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Postpone or defer paying your rates

If you own your own home, many councils let you postpone or defer paying your rates. Check with your council to find out if they offer this service and whether you are eligible.

Check with your council to find out:

  • how to apply
  • what it costs
  • what you have to do about insurance and maintenance
  • if you have to postpone paying all your rates or if you can choose to postpone only part of them.

Find your local council by region

Many people get independent financial advice before they postpone rates payments.

Who can apply

Each council makes its own policies for postponing rates payments. There are 2 main situations where they’ll let you do this, but not all councils offer both.

  1. Your income is low and paying your rates would mean that you cannot pay for your day-to-day needs, healthcare or urgent maintenance.
  2. You’re over 65 (or 60 in some areas) and choose to let your rates payments come out of your estate after you die.

There are other situations where some councils let you postpone paying your rates. Examples include:

  • You’re under 65 and on a benefit from Work and Income.
  • Your home is owned by a family trust.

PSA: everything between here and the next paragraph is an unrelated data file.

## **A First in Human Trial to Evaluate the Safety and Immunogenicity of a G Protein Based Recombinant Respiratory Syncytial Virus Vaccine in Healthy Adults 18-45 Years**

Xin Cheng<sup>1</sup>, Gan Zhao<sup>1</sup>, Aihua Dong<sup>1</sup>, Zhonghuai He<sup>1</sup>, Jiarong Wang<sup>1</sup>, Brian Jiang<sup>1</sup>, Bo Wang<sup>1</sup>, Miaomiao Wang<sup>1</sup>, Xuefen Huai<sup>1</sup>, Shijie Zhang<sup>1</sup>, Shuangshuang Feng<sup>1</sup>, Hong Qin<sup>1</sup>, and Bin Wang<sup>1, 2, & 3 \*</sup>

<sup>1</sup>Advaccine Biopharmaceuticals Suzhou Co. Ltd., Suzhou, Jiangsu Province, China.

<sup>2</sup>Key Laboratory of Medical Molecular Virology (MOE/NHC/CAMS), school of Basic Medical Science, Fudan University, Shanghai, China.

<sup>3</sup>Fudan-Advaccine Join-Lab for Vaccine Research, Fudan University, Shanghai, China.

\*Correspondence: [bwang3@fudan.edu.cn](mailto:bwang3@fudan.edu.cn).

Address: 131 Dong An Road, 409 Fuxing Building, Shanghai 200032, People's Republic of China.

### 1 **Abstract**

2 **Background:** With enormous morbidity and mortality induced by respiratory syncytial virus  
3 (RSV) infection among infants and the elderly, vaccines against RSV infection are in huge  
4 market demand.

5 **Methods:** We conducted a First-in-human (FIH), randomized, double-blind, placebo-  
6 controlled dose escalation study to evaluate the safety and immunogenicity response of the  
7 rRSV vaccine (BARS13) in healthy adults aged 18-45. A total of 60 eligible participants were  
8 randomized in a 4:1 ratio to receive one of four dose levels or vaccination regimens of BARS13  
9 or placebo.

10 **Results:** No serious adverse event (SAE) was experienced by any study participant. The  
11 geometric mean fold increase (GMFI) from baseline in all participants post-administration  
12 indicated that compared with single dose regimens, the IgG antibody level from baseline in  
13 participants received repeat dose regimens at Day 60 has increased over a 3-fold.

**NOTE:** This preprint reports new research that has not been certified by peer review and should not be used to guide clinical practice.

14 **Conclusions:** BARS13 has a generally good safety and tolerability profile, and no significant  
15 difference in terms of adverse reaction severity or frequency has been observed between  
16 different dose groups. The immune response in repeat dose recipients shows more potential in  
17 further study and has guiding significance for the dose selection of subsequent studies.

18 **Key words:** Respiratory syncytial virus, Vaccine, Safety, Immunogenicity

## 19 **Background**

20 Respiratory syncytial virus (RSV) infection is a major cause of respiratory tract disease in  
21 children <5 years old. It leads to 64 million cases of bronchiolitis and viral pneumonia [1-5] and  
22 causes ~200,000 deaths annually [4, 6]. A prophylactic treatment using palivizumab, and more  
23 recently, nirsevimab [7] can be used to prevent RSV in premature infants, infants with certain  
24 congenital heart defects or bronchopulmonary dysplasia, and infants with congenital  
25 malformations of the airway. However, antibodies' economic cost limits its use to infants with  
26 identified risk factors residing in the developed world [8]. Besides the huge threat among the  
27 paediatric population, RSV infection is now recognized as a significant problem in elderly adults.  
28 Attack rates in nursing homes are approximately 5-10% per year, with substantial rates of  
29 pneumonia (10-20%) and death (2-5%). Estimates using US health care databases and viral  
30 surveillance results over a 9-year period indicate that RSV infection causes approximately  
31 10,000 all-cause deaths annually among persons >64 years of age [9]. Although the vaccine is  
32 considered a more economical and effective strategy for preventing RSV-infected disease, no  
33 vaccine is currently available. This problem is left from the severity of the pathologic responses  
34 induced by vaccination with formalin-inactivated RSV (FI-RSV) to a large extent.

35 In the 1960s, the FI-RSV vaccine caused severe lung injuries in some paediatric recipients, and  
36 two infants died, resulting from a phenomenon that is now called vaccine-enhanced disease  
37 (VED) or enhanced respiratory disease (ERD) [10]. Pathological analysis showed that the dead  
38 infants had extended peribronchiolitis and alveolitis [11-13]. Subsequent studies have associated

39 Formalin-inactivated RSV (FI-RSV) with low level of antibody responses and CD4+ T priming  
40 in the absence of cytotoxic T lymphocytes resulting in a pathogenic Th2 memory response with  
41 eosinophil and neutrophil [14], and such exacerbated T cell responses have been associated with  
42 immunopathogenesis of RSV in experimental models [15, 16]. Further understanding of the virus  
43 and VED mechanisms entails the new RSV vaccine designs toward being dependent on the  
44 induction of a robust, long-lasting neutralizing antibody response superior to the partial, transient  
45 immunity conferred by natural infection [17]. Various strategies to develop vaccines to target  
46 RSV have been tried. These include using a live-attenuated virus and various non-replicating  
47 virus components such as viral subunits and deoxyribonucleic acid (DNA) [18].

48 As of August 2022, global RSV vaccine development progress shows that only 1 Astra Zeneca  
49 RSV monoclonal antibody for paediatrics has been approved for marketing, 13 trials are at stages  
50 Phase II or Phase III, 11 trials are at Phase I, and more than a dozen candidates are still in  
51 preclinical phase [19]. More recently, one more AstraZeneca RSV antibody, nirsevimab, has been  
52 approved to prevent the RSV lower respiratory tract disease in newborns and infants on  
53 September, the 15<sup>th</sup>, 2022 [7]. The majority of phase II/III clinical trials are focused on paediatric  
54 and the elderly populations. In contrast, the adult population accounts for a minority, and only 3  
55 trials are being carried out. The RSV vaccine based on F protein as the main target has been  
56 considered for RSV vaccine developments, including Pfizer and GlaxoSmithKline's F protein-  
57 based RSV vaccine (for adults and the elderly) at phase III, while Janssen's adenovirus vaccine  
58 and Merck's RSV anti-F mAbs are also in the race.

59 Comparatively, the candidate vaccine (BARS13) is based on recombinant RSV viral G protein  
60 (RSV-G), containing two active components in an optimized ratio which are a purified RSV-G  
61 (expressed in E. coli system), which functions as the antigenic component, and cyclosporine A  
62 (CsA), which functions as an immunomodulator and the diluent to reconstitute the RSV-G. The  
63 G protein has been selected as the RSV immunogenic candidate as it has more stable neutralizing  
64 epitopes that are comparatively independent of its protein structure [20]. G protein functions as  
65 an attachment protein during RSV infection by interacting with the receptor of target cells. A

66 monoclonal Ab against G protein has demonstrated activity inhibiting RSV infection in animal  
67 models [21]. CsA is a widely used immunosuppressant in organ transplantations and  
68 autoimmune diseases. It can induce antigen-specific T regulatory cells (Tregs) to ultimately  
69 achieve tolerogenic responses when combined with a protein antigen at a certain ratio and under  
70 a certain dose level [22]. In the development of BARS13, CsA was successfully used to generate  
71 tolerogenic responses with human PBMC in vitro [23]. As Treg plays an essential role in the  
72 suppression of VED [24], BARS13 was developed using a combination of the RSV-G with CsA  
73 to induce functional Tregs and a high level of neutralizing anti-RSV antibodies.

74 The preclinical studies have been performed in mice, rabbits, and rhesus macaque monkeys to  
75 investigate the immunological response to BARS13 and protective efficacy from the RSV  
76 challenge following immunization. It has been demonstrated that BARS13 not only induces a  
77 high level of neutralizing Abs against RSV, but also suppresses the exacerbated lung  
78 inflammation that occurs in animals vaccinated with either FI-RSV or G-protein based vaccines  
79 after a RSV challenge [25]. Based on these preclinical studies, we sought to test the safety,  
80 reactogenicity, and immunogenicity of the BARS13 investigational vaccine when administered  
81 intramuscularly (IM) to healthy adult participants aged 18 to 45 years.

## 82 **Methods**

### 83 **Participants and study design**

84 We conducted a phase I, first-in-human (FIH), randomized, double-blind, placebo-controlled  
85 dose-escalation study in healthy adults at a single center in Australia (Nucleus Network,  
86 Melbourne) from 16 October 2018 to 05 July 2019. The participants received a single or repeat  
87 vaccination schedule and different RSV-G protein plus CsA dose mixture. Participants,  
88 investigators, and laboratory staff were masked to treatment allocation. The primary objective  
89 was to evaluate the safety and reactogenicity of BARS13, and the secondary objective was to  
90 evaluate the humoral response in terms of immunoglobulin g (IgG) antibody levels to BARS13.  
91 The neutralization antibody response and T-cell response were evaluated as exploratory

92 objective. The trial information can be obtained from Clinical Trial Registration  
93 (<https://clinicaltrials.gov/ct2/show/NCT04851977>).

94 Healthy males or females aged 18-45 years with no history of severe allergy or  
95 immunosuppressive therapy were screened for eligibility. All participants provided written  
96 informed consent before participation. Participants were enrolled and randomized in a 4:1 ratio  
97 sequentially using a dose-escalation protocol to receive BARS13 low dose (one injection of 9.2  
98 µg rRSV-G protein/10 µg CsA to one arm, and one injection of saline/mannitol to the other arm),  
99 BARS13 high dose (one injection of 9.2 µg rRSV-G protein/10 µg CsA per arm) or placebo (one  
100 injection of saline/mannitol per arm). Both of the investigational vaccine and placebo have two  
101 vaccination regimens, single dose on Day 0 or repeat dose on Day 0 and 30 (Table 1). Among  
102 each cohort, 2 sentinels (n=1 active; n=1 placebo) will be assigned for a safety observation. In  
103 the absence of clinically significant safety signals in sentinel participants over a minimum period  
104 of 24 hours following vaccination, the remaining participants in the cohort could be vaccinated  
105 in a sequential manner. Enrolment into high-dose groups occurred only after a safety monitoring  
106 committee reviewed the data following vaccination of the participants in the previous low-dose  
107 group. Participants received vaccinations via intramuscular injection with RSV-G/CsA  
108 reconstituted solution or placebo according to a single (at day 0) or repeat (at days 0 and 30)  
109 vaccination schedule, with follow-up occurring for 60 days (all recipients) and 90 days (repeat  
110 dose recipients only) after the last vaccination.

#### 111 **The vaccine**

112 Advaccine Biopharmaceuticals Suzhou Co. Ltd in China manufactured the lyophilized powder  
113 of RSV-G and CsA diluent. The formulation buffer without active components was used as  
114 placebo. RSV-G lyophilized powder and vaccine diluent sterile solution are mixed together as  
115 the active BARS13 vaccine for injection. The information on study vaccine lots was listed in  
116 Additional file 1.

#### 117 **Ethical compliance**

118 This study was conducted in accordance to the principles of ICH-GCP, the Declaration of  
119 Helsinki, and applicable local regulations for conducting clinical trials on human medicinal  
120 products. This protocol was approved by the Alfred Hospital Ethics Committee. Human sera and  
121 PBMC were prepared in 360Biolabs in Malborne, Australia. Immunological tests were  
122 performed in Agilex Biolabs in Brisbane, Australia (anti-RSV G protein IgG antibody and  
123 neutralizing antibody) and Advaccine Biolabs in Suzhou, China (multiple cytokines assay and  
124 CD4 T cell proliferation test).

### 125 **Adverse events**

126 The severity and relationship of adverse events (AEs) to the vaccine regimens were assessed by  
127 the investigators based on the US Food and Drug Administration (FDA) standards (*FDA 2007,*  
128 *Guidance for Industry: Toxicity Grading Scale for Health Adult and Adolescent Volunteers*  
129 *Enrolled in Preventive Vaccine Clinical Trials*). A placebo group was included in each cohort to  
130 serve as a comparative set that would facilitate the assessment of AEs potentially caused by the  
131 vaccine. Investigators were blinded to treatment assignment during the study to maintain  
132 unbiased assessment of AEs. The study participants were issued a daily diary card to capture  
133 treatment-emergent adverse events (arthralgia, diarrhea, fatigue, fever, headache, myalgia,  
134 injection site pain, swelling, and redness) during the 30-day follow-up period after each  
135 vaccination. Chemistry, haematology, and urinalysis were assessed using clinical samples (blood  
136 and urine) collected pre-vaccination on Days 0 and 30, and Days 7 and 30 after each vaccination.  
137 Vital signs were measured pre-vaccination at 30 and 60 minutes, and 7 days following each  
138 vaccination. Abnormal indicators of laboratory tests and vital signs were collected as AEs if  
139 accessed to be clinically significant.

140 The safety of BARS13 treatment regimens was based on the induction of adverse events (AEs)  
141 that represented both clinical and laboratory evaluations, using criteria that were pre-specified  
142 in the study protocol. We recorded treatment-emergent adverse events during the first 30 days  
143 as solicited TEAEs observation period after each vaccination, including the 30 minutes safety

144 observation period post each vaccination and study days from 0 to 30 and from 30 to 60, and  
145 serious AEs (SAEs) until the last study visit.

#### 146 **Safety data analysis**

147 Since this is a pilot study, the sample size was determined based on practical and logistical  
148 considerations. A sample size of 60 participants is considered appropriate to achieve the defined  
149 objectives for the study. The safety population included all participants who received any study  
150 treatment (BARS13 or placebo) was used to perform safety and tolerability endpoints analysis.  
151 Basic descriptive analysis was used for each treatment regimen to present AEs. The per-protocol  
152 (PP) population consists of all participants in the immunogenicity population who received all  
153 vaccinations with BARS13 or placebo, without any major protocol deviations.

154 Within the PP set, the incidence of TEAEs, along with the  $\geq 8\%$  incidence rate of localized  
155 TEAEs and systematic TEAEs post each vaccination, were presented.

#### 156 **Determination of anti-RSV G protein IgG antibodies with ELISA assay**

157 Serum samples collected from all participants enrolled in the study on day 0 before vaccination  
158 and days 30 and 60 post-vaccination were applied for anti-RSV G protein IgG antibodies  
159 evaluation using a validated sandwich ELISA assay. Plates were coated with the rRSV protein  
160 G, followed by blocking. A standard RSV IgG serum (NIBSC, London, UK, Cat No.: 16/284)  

• You live in a retirement village and the council can be paid back by the village’s operator when your unit is sold.
  • You pay rates on Māori freehold land or undeveloped Māori land.
  • Your property has had a change of use, for example from farmland to residential, that means the rates have greatly increased.

How long you can put off paying your rates

You usually pay the rates you owe:

  • when you sell your property
  • if you stop living in the property, for example if you move into residential care
  • when you die
  • on a date that is agreed with your council, or
  • when you decide to pay them — many councils will not charge a penalty when you pay the postponed rates back.

If your rates bill gets near the value of your property — many councils say 80% of the value — they usually stop letting you defer your rates. The action they take varies from one area to another, but you might have to sell your house to repay the rates.

How much it costs

Councils charge interest and other charges such as:

  • set-up fees
  • an annual administration fee
  • an insurance charge — often called a reserve fund levy — to protect them from not recovering the rates debt if your house sells for less than expected.

How you apply

The council usually provides an application form you need to complete — contact the council to get a form or look on their website to download it. Some councils also ask you to come to an interview as well.

Check whether you can also apply for a rates rebate — this could reduce the amount that you owe on your postponed rates.

Rates rebates

Conditions you need to meet

Councils usually expect that you’ll:

  • live in the property
  • have owned it for a certain number of years
  • keep it insured and well-maintained
  • own a certain amount of the property — that is, have no mortgage or only a small one
  • tell them about any other loans or mortgages on the property
  • not own any other property.

If you have a mortgage on the property, you’ll also have to tell your bank or mortgage provider. A note about your rates debt is usually added to the property’s title.

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